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Can someone give me some examples please?

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When it requires the capslock key to be pressed? –  PostMan Sep 2 '10 at 23:02
I DON'T KNOW WHAT WE'RE YELLING ABOUT –  Aardvark Sep 2 '10 at 23:04
Guys stop shouting (lol) and just edit the question next time. –  Preet Sangha Sep 2 '10 at 23:06
@Preet: that's just a minor drawback of this site: without enough rep you can't (yes, that irritated me, too, when my rep was below 2000). –  Marcel Korpel Sep 2 '10 at 23:08
@Preet that's not as fun! –  Rex M Sep 2 '10 at 23:37

5 Answers 5

Using platform specific APIs, ie. Win32 API or Linux API, also if it uses 32 bit or 64 bit specific libraries.

In general: Using any resource that is not present on all machines.

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Its where you use a feature that is present say one machine and not another?

Here are some examples:

  • Requires certain attachments or ports to be present - say UART modems etc
  • Uses instructions that are only present on a particular CPU e.g intel's not amds etc
  • Uses an OS feature that may be there in another version of the OS

Essentially the anything that stops the code from running on another machine.

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A .NET program may have machine dependencies if it is written using unsafe managed code and/or is dependent upon unmanaged DLLs or platform specific APIs.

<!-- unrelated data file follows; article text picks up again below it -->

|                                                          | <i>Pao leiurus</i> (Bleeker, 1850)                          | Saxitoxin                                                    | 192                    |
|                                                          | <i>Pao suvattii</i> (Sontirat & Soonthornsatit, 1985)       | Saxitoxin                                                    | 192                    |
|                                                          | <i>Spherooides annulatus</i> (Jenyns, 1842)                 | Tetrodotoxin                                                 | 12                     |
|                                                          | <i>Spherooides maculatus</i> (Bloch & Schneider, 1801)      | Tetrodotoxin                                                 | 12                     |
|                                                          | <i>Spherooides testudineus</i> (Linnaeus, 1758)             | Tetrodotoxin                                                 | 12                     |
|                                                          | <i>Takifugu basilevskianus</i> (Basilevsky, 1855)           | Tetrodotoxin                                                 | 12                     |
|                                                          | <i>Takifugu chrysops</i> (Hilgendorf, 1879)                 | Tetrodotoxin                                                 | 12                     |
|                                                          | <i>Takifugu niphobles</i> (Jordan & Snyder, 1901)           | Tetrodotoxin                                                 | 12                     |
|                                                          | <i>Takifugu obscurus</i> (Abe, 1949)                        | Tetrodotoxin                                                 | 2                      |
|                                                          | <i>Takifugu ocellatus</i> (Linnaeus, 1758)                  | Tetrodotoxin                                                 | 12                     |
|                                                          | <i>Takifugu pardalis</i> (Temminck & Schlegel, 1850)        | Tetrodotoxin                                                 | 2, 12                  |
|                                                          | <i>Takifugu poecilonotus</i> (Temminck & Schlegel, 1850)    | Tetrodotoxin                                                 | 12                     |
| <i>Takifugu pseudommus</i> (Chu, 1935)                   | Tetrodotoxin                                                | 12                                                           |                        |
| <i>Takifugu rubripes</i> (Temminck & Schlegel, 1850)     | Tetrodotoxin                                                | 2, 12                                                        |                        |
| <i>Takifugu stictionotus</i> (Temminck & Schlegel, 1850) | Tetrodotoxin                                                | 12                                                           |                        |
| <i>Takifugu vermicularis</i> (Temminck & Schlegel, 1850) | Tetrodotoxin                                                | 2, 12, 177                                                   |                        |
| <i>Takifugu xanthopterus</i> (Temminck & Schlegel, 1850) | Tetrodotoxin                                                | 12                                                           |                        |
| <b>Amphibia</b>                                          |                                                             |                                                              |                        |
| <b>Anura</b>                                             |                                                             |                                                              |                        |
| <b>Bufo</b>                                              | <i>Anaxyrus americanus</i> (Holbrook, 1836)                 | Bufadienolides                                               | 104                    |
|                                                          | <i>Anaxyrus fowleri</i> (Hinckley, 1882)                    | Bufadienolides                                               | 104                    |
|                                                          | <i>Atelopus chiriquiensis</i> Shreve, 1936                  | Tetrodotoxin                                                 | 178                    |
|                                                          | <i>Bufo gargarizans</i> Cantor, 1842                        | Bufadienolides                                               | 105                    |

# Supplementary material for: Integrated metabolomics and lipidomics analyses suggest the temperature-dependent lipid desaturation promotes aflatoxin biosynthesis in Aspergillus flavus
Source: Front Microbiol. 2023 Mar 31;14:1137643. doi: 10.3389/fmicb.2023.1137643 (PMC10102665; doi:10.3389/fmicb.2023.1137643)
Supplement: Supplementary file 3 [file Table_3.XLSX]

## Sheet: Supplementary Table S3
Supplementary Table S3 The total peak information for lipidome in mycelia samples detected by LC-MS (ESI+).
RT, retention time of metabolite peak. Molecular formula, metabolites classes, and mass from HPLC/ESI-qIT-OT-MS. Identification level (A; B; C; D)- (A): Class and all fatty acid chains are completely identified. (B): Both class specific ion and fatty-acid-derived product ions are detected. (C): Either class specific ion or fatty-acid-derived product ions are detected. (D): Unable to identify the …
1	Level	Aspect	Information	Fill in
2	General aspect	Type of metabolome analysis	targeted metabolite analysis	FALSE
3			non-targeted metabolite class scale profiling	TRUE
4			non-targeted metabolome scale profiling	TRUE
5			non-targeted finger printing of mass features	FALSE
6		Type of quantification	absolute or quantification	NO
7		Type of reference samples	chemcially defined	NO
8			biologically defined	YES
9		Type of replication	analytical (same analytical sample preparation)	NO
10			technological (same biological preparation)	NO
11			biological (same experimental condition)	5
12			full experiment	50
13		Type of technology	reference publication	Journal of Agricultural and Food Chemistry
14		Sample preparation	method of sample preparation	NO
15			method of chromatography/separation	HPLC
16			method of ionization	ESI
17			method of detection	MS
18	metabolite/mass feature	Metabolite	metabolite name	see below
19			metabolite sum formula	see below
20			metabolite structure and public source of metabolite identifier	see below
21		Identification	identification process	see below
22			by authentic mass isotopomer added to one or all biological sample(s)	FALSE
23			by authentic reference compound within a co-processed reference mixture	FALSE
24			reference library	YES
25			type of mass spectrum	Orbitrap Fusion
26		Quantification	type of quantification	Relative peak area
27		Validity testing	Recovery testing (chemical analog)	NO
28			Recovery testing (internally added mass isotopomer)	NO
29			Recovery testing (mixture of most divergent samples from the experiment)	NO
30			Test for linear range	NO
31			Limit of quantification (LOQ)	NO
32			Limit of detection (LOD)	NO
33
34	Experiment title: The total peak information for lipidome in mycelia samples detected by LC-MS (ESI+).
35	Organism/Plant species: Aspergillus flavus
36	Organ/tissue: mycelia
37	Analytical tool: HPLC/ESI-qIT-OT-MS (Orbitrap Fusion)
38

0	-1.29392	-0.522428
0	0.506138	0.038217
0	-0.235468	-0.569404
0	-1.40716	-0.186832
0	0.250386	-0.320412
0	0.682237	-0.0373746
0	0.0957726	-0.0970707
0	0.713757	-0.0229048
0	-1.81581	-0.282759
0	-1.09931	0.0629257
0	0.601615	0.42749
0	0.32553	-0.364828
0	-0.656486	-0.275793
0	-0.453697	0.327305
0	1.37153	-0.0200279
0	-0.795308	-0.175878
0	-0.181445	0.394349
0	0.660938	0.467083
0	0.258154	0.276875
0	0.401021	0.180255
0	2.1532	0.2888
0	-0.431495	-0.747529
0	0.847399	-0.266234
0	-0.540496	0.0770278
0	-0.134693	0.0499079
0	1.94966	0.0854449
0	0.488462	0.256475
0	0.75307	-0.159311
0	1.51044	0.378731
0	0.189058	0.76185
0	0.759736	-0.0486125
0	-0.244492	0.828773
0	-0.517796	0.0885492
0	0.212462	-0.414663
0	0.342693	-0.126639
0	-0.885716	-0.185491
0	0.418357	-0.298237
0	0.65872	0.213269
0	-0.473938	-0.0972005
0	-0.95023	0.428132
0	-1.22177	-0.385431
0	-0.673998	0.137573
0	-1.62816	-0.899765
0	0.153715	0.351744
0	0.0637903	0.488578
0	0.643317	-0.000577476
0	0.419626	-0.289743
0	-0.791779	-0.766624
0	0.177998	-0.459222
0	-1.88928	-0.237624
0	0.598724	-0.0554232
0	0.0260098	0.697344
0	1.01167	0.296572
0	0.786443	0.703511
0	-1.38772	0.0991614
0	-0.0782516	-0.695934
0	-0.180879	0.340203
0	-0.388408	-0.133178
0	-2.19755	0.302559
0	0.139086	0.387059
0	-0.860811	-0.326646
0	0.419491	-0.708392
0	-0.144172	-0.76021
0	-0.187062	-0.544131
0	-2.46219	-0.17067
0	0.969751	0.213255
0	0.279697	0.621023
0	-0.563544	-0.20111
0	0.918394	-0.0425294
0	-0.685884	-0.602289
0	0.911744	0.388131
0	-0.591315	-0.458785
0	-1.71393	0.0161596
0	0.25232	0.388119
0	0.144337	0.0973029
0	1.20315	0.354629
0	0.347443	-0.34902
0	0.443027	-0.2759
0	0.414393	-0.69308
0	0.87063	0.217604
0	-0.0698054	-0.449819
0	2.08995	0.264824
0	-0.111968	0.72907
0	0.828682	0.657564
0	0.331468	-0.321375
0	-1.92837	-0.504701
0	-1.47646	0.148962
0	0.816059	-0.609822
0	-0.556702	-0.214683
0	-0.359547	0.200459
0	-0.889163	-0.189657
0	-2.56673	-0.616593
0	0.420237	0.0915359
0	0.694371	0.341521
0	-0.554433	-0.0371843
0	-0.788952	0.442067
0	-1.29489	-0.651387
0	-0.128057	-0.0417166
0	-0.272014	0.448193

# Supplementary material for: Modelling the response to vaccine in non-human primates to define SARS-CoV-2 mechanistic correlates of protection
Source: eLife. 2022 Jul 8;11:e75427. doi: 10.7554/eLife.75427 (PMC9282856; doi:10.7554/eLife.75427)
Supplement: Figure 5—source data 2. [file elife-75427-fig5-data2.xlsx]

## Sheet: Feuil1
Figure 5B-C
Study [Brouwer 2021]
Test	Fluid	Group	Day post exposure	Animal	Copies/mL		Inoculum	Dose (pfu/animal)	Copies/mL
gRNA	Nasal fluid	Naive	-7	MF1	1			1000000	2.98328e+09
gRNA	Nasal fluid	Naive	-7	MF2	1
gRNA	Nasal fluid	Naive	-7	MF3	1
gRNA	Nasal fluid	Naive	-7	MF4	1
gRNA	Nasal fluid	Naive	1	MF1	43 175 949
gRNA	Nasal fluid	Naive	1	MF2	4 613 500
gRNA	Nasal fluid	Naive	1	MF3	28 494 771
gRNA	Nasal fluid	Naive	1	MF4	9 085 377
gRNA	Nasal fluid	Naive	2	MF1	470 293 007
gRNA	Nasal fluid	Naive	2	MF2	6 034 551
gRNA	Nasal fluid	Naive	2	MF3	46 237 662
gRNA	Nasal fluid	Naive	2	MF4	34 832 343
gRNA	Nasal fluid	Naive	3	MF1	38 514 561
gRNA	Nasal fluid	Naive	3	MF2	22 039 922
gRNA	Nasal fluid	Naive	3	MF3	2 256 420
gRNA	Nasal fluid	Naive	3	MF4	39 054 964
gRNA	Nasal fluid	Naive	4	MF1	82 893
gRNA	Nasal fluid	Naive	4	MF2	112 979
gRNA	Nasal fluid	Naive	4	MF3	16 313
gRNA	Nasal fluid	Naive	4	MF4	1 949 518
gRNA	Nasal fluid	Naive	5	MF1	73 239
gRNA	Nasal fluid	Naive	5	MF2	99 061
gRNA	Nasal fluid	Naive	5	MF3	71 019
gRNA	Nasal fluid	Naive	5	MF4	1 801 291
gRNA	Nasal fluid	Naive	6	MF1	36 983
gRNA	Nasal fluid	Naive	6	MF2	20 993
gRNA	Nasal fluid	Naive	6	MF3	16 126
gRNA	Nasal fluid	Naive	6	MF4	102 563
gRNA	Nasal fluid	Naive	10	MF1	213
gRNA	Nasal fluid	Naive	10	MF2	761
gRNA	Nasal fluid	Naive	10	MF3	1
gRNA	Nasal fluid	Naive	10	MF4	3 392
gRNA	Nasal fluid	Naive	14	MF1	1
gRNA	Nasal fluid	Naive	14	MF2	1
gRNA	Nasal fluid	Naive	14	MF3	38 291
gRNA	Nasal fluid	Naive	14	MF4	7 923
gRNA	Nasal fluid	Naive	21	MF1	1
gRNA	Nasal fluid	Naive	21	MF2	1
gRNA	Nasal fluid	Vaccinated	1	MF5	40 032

"Machine dependent" here usually means dependent upon 32 bit or 64 bit pointer size. Any managed C# code that manipulates IntPtr has a high likelihood of being sensitive to the size of the native machine pointer - 32 bit or 64 bit.

Verifiable managed code is usually machine independent. A .NET application or assembly can be compiled to run in "32 bit or 63 bit" environments, meaning it will JIT compile to native 32 bit or native 64 bit code depending on the OS environment at runtime.

If a managed assembly relies on an unmanaged DLL, this usually means the managed code is tied to the same machine type that the unmanaged DLL is compiled for - either 32 bit or 64 bit, but not both.

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"Machine dependent" means that the program behaves differently on one machine that it does on another. Usually, this implies that something about the machine's hardware affects the program. A program might offload certain calculations to the GPU, and thus only work on machines that have a GPU that the program was written to be compatible with. A program might be able to take advantage of some specialty instructions that are particular to one CPU, while on other CPUs it has to emulate that instruction using several.

This is closely related to the idea of "platform dependent", which normally refers to dependencies on a particular operating system or set of system software.

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Typically, it means that a program relies upon some property or behavior which exists on one machine but may not exist on others. For example, a particular machine may blink some lights on the cabinet if one invokes an special driver supplied by the cabinet vendor. Code which uses such a driver will only be useful on machines which have that type of cabinet.

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